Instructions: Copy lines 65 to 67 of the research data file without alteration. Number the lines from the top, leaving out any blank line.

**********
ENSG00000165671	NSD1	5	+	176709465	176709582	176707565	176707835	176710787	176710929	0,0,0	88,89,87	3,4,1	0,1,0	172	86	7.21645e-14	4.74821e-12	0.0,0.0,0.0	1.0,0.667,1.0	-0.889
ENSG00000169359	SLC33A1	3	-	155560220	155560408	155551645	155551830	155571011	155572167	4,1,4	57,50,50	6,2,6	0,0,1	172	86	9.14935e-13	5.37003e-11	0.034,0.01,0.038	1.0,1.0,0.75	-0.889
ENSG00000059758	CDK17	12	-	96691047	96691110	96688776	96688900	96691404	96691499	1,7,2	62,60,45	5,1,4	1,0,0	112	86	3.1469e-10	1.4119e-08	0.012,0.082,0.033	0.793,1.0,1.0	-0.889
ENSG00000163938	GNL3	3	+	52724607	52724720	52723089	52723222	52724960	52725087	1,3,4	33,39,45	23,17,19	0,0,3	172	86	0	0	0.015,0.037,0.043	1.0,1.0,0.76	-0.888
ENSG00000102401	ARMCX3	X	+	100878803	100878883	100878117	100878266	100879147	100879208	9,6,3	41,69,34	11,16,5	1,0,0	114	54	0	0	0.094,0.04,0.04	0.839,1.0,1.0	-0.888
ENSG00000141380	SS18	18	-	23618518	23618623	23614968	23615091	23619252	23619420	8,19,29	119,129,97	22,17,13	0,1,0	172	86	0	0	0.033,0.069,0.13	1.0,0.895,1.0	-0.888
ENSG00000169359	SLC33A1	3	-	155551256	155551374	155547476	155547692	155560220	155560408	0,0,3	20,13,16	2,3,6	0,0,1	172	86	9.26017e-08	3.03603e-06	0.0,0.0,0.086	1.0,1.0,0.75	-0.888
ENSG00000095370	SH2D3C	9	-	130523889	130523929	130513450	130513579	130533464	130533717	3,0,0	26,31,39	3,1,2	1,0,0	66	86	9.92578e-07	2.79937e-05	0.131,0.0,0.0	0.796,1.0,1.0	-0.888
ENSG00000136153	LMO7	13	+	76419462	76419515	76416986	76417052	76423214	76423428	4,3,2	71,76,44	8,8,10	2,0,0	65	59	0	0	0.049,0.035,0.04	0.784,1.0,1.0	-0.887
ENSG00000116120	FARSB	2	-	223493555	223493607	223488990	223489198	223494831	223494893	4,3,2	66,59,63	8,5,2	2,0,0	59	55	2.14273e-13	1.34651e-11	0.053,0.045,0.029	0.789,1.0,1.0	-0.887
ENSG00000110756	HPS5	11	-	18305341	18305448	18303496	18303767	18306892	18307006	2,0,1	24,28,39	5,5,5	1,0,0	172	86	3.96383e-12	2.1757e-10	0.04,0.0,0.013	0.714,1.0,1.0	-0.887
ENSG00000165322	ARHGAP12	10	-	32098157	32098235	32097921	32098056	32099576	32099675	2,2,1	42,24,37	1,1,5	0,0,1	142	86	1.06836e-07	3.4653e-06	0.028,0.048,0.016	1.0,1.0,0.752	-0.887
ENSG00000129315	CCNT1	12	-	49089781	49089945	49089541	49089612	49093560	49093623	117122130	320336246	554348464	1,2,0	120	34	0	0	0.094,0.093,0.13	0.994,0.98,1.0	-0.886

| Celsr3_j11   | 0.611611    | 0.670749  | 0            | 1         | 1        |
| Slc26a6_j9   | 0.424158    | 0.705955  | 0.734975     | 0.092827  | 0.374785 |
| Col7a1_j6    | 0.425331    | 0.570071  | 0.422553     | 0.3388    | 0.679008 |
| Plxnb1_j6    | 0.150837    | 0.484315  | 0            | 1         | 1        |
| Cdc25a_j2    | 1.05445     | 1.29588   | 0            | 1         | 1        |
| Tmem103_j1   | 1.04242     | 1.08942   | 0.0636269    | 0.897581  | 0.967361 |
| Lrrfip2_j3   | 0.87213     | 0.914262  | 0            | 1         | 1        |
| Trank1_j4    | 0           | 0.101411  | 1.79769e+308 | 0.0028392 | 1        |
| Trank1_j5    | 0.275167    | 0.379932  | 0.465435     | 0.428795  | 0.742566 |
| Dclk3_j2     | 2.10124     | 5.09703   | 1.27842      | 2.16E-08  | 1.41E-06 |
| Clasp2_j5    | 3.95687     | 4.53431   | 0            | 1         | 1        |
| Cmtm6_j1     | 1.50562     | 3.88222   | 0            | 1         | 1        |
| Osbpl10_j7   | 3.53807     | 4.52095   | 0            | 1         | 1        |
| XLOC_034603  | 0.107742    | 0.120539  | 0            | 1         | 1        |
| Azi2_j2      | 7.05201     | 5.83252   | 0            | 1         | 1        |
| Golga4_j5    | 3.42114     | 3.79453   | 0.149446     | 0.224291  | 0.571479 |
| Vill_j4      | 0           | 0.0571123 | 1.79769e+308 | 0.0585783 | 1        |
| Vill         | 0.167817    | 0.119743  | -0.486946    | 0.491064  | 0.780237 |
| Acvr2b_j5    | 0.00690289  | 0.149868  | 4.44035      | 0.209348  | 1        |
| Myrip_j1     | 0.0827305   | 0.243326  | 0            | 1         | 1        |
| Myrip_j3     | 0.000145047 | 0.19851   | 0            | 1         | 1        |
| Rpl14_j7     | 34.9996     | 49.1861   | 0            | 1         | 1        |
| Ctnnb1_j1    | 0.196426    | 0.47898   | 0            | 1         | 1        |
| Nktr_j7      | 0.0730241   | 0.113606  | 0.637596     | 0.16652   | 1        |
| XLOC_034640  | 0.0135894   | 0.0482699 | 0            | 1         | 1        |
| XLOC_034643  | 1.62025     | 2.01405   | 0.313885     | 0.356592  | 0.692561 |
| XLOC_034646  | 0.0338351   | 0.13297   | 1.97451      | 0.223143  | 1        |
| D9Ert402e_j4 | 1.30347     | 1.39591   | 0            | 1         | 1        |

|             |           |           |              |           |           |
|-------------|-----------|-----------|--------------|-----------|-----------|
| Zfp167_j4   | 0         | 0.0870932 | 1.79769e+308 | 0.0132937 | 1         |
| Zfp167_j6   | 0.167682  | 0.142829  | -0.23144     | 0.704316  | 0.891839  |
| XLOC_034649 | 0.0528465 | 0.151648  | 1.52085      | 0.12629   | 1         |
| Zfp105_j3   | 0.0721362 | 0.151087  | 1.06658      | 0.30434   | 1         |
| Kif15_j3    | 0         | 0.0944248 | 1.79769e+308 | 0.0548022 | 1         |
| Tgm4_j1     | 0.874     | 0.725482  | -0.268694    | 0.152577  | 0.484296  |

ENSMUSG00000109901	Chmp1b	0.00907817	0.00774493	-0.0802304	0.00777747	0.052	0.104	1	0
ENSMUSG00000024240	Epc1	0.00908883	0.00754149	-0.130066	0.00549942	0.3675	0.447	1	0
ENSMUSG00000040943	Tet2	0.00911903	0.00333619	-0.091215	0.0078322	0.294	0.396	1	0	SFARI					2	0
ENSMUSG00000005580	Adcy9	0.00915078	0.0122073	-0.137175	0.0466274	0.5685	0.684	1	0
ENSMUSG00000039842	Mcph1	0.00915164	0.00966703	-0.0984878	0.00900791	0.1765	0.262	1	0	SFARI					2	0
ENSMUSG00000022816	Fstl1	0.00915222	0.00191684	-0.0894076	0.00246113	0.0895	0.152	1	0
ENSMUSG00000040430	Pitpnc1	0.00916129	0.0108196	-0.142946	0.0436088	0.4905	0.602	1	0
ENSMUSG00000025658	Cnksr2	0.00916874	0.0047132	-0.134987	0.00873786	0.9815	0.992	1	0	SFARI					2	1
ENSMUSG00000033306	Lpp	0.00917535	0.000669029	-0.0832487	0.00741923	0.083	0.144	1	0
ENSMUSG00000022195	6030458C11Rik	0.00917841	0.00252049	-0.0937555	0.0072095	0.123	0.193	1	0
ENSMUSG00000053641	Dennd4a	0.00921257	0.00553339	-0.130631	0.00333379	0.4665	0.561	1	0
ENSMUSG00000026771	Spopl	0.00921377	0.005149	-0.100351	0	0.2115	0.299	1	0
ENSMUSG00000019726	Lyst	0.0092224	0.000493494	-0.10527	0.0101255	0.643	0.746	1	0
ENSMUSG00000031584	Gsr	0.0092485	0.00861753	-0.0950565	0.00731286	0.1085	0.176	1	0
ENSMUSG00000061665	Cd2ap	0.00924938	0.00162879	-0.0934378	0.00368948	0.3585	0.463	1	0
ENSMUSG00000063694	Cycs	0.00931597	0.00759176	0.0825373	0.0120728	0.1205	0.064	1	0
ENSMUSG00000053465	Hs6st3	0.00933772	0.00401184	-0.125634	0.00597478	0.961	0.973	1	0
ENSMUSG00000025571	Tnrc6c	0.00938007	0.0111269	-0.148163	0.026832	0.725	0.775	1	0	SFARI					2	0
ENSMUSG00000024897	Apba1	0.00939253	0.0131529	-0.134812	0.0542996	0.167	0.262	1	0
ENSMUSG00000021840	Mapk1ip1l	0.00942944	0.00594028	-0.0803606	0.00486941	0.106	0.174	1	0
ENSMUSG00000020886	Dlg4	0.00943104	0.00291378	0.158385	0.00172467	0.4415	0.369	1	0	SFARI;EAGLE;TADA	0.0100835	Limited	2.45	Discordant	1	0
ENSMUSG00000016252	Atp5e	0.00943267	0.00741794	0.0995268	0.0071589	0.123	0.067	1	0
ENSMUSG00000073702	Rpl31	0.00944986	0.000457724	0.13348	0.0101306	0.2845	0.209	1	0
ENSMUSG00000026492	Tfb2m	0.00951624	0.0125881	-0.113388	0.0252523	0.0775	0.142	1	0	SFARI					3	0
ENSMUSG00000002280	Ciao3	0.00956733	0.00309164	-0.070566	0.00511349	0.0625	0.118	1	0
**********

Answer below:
ENSMUSG00000063694	Cycs	0.00931597	0.00759176	0.0825373	0.0120728	0.1205	0.064	1	0
ENSMUSG00000053465	Hs6st3	0.00933772	0.00401184	-0.125634	0.00597478	0.961	0.973	1	0
ENSMUSG00000025571	Tnrc6c	0.00938007	0.0111269	-0.148163	0.026832	0.725	0.775	1	0	SFARI					2	0